BOS Dustin Pedroia 68 80 274 49 22 1 9 36 33 35 0.292 0.369
CHW Omar Vizquel 74 80 277 28 6 1 2 27 30 36 0.289 0.359
TEX Michael Young 155 185 647 98 35 3 21 91 50 111 0.286 0.333
OAK Daric Barton 149 148 529 78 33 5 10 56 108 93 0.280 0.402
NYY Nick Swisher 82 92 335 48 17 1 17 47 38 72 0.275 0.348
CLE Asdrubal Cabrera 59 64 235 23 10 0 2 22 17 38 0.272 0.331
DET Johnny Damon 87 92 339 58 27 3 6 30 48 55 0.271 0.362
MIN Orlando Hudson 126 133 497 80 24 5 6 37 50 87 0.268 0.338
LAA Howard Kendrick 74 84 316 31 22 3 2 30 12 44 0.266 0.295
SEA Chone Figgins 157 151 590 61 21 2 1 34 72 113 0.256 0.337
KC Jason Kendall 70 63 267 27 8 0 0 26 23 28 0.236 0.298
TOR Aaron Hill 61 45 241 31 10 0 11 30 28 38 0.187 0.278

National League

ARZ Kelly Johnson 42 57 166 30 7 5 8 23 18 34 0.343 0.409
ATL Jason Heyward 100 109 388 59 23 4 9 39 65 85 0.281 0.393
CHC Starlin Castro 71 91 296 37 20 1 2 20 10 38 0.307 0.342
CIN Orlando Cabrera 68 82 275 39 20 0 4 28 15 27 0.298 0.333
COL Dexter Fowler 61 59 235 35 8 6 2 17 29 51 0.251 0.333
FLA Gaby Sanchez 68 84 279 38 15 2 10 35 20 46 0.301 0.349
HOU Jeff Keppinger 99 107 385 43 26 0 4 40 37 27 0.278 0.340
LAD Matt Kemp 42 42 167 36 8 2 12 33 24 44 0.251 0.342
MIL Corey Hart 86 105 361 61 26 2 13 62 20 97 0.291 0.332
NYM Angel Pagan 54 68 218 28 17 3 4 29 14 29 0.312 0.350
PHI Placido Polanco 106 138 456 70 23 2 5 43 28 39 0.303 0.346
PIT Jose Tabata 66 85 259 40 12 4 2 23 17 34 0.328 0.373
SD David Eckstein 85 93 342 38 21 0 1 23 19 25 0.272 0.323
SF Freddy Sanchez 95 105 379 49 18 1 6 41 28 57 0.277 0.328
STL Jon Jay 49 53 179 33 13 1 0 11 19 30 0.296 0.368
WAS Ian Desmond 46 60 184 24 14 2 4 19 8 30 0.326 0.359

Texas Rangers Should Learn a Lesson from the Rays

In the 2008 American League Championship Series, the Tampa Bay Rays (sans Devil) rolled in on an improbable run and faced the defending champions Boston Red Sox.

The Rays dropped Game One at home before coming back to take Game Two.  The series shifted to Boston and Fenway Park where certainly the young and inexperienced Rays would wilt under pressure.

Well, Games Three and Four were blowout wins for the Rays and things looked to be in control during Game Five.  Up 7-0 going into the bottom of the seventh, the Red Sox pushed across four in that frame, three more in the bottom of the eighth, and then…

~~JD Drew…what a dick!~~

Makes me want to puke.  Here is the AP highlight, since that is not the best video.  I remember Chip Caray’s disgusting comment, “We’re going to Tampa!!”  Actually, St. Pete, you dumb fuck!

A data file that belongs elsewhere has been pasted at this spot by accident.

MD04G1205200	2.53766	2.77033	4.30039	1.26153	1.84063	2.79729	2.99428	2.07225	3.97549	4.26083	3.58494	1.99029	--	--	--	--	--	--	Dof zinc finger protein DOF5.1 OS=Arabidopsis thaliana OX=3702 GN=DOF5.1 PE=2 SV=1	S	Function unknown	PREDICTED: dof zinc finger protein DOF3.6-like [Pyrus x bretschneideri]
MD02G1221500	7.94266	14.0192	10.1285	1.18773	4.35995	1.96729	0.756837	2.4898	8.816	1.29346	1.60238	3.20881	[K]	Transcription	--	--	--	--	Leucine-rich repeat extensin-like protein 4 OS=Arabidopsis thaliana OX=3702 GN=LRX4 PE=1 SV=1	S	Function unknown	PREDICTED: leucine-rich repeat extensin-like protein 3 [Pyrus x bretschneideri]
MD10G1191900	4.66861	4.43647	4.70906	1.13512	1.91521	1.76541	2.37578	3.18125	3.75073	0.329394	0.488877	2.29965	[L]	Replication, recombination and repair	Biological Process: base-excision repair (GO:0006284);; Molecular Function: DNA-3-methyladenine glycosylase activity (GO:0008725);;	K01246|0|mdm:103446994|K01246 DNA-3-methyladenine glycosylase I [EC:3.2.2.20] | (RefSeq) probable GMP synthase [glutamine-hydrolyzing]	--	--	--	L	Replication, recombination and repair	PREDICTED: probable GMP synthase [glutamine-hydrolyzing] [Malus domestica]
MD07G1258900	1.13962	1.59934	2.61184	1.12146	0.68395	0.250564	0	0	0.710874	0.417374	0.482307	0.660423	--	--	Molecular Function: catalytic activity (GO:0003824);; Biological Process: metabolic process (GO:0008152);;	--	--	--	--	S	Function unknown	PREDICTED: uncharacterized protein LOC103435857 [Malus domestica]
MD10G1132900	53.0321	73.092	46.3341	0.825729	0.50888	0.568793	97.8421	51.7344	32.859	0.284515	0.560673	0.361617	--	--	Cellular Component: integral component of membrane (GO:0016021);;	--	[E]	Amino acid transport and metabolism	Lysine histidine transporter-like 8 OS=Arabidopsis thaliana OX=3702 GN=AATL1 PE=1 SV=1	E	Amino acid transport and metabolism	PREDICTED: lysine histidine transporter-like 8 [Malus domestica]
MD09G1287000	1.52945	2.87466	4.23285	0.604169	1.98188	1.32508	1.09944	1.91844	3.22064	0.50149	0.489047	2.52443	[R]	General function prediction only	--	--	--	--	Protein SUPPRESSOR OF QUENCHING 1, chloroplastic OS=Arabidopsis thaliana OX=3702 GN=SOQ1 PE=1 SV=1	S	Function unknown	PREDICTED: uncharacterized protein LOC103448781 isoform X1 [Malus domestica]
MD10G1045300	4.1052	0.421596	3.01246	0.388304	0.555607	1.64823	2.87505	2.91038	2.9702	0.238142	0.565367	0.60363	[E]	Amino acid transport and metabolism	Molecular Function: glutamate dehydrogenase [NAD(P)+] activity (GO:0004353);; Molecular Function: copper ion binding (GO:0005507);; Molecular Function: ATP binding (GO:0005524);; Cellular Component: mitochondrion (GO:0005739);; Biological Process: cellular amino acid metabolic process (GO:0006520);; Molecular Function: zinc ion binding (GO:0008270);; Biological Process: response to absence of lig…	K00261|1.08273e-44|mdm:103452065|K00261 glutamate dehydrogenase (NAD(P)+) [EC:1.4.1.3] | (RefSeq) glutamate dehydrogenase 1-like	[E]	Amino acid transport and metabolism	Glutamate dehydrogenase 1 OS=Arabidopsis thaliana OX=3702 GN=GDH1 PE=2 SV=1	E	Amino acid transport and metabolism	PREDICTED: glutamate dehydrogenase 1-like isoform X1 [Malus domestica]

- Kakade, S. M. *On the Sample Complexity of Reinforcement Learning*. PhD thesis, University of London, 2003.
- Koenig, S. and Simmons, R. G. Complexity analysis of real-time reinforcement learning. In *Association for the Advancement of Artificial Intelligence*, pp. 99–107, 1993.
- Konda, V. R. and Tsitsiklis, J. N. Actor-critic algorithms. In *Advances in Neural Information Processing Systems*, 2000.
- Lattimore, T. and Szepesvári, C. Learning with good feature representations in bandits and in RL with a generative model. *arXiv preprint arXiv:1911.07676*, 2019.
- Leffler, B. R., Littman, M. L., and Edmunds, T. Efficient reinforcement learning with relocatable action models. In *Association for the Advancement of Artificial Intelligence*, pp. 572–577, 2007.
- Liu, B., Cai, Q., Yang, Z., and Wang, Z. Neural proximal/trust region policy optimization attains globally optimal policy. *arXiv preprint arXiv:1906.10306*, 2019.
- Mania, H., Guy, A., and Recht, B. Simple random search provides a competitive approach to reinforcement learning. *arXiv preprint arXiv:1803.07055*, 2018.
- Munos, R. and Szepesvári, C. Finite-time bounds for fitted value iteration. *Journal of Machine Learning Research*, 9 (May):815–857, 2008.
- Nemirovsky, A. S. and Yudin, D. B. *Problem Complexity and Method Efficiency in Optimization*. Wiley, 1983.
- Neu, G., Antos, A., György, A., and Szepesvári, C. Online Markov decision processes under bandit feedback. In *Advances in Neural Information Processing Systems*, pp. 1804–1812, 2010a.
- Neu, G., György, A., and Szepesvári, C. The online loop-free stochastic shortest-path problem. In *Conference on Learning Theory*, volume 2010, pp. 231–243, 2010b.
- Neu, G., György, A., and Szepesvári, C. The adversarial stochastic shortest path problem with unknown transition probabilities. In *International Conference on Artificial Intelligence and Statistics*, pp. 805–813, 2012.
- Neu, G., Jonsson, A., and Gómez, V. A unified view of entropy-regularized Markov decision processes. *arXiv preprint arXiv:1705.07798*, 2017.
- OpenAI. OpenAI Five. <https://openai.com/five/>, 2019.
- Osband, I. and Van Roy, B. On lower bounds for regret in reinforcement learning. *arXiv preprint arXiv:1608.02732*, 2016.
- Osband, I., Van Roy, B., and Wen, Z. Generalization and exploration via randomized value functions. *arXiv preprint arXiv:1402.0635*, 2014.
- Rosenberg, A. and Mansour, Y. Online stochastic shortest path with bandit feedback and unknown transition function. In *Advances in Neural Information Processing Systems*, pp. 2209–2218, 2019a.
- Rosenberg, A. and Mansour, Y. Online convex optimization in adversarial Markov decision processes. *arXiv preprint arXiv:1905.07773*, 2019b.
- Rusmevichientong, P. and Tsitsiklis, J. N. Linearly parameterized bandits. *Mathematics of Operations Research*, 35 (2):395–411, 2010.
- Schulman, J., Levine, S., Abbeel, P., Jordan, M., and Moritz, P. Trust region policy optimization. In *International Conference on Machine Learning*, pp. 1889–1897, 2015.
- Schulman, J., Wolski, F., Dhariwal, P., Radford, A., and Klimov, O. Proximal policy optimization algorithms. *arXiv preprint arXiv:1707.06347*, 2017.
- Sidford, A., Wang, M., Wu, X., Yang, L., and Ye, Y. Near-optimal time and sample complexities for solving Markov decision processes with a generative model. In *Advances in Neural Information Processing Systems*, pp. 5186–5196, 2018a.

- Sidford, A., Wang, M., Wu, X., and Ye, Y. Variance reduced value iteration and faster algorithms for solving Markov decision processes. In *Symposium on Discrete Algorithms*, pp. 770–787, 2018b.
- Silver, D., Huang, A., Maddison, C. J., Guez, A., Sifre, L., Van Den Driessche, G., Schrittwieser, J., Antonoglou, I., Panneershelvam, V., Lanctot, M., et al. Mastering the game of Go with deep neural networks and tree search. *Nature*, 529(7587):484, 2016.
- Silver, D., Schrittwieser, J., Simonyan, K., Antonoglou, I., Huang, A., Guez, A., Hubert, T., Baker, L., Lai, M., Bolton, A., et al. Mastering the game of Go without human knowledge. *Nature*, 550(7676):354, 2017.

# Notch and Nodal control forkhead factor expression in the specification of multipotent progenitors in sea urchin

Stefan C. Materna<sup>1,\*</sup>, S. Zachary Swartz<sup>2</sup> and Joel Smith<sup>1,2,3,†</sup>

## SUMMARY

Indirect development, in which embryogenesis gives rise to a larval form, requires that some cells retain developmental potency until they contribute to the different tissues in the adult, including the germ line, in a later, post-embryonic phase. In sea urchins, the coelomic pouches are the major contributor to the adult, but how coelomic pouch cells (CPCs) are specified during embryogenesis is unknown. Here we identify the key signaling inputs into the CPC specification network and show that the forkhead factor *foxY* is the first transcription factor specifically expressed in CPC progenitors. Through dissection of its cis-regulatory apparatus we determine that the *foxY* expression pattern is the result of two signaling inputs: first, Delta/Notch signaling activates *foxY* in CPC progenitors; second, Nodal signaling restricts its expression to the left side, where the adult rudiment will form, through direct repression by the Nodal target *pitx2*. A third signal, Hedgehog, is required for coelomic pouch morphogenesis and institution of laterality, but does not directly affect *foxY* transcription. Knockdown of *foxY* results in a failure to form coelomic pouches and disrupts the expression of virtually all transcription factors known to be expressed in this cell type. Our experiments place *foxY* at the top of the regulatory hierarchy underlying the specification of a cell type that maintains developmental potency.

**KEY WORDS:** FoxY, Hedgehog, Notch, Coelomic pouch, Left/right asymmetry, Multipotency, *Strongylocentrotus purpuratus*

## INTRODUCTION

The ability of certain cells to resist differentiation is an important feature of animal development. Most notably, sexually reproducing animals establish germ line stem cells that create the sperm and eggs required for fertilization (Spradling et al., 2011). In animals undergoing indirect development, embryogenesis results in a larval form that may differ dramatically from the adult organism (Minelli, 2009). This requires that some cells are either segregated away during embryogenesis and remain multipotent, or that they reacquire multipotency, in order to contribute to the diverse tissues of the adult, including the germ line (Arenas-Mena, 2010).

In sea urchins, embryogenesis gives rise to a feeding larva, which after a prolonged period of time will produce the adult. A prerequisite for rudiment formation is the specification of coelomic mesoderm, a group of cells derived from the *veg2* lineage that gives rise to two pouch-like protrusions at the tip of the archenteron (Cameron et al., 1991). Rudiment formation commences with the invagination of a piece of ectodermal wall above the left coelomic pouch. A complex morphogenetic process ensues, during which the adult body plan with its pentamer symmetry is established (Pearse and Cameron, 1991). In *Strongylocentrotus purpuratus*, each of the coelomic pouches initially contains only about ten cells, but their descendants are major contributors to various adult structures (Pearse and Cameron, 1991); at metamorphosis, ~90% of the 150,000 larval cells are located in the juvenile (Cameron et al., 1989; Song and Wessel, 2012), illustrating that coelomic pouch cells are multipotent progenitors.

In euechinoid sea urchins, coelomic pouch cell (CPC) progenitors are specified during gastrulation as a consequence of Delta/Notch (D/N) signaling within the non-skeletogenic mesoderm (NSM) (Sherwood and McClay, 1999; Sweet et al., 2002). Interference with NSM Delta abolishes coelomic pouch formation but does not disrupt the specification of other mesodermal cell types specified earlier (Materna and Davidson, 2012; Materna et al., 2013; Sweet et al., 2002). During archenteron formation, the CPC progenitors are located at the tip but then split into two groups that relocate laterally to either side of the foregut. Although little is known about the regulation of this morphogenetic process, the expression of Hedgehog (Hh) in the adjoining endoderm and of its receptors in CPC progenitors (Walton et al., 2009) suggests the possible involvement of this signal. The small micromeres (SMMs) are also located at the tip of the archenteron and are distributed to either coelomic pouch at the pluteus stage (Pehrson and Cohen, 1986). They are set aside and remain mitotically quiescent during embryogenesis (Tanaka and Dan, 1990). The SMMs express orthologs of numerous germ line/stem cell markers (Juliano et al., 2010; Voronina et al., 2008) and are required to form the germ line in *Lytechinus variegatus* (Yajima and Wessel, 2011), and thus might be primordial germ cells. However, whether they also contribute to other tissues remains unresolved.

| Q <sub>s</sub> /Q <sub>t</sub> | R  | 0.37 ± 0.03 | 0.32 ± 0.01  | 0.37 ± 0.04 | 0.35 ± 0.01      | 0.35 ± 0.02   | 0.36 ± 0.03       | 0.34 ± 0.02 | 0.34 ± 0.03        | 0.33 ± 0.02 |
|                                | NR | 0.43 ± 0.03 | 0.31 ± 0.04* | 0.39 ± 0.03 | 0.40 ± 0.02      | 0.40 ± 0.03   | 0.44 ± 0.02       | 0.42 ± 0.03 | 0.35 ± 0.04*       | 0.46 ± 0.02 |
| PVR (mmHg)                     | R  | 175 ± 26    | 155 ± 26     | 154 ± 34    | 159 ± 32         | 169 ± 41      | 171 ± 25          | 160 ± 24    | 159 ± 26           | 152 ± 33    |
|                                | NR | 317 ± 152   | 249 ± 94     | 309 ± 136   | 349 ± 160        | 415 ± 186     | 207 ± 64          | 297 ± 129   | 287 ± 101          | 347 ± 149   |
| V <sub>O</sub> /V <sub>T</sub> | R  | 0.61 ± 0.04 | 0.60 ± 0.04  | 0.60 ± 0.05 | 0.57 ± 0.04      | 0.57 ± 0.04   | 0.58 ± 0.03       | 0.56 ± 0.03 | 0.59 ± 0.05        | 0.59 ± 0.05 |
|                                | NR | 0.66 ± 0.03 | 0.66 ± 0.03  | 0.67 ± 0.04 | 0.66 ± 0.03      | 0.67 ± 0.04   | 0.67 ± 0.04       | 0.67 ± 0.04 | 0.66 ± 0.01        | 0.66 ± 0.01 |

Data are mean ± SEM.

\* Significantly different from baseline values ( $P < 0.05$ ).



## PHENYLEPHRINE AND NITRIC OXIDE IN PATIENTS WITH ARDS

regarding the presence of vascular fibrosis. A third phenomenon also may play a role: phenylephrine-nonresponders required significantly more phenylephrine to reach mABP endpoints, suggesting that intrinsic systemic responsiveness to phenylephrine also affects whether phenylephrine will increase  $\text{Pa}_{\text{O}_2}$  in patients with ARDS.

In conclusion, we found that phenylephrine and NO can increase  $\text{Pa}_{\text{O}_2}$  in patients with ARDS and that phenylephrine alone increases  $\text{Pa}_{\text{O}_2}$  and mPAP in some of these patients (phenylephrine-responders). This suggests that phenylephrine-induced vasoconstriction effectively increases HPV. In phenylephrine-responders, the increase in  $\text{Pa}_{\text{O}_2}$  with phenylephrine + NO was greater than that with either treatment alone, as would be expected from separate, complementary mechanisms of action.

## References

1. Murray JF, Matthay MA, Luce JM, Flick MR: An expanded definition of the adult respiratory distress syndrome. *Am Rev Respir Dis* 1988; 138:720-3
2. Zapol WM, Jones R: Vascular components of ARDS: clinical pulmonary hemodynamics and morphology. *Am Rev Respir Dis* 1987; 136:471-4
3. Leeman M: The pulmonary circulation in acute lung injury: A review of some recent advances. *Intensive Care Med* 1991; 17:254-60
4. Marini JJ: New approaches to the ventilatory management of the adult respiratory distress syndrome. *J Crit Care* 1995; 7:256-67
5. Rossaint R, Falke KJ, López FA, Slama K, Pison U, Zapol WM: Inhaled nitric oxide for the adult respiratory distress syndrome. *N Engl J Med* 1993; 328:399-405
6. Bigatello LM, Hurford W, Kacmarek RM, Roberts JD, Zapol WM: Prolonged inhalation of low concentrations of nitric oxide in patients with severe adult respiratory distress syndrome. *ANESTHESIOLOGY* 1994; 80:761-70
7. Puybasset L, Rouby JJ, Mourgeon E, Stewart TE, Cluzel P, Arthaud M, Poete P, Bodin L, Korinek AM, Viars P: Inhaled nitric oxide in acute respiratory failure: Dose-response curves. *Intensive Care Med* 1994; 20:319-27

The game went back to Tampa Bay [different from Tampa], where Boston forced Game Seven before the Rays won and went to the World Series.

Ah, I remember that like it was yesterday.

Speaking of yesterday, history repeated itself…somewhat.

The Texas Rangers won Game Four of the ALCS by pulling away and eventually blowing out the New York Yankees to pull within a game of the World Series.  But the whole thing is eerily familiar.

Like the Rays, the Rangers are relative playoff novices.  Although the Rangers had been to playoffs before (unlike the Rays in 2008), the Rangers had never advanced in the playoffs.  What is interesting is that in the 2008 ALDS, the Rays beat the Chicago White Sox — a team that had recently made the World Series (in 2005, winning it all).  In the 2010 ALDS, the Rangers beat the Rays — a team that had recently made the World Series (in 2008, but losing to the Philadelphia Phillies).

Like the Rays, the Rangers lost Game One to the defending World Series New York Yankees.  This was also a home loss for Texas; just like what happened to Tampa Bay.

Like the Rays, the Rangers bounced back and took Game Two.  The series then shifted to the home of the defending champs.

Like the Rays, the Rangers took Games Three and Four decisively.  In 2008, Tampa Bay pulled away late.  In 2010, the Rangers pulled away late (both times in the final two innings).

And like the Rays, the Rangers enter Game Five with the momentum and a chance to dwindle the list of teams to never make the World Series to two (if the Rangers win today, only the Seattle Mariners and Washington Nationals [Montreal Expos] would have never won a pennant).

But hopefully the Rangers have learned from the Rays’ trial.  While Tampa Bay would eventually win the American League pennant, Texas does not want this to get that far.

So, when the first pitch from CC Sabathia is thrown in a little less than an hour, the Rangers want — check that…NEED to jump on him.  They need to keep the foot on the peddle and on the necks of the Evil Empire.  They want to turn Manhattan bars into boring places for the remainder of October, send Jeter and A-Rod out to the golf courses, and cause Yankee fans to start up even more “Fire Girardi” blogs.

Because baseball history has shown that if you give a team just a sliver of hope, a leak can turn into a flood.

Ask the Rays.

Or, if you need a more disastrous example, ask the guys in pinstripes, circa 2004.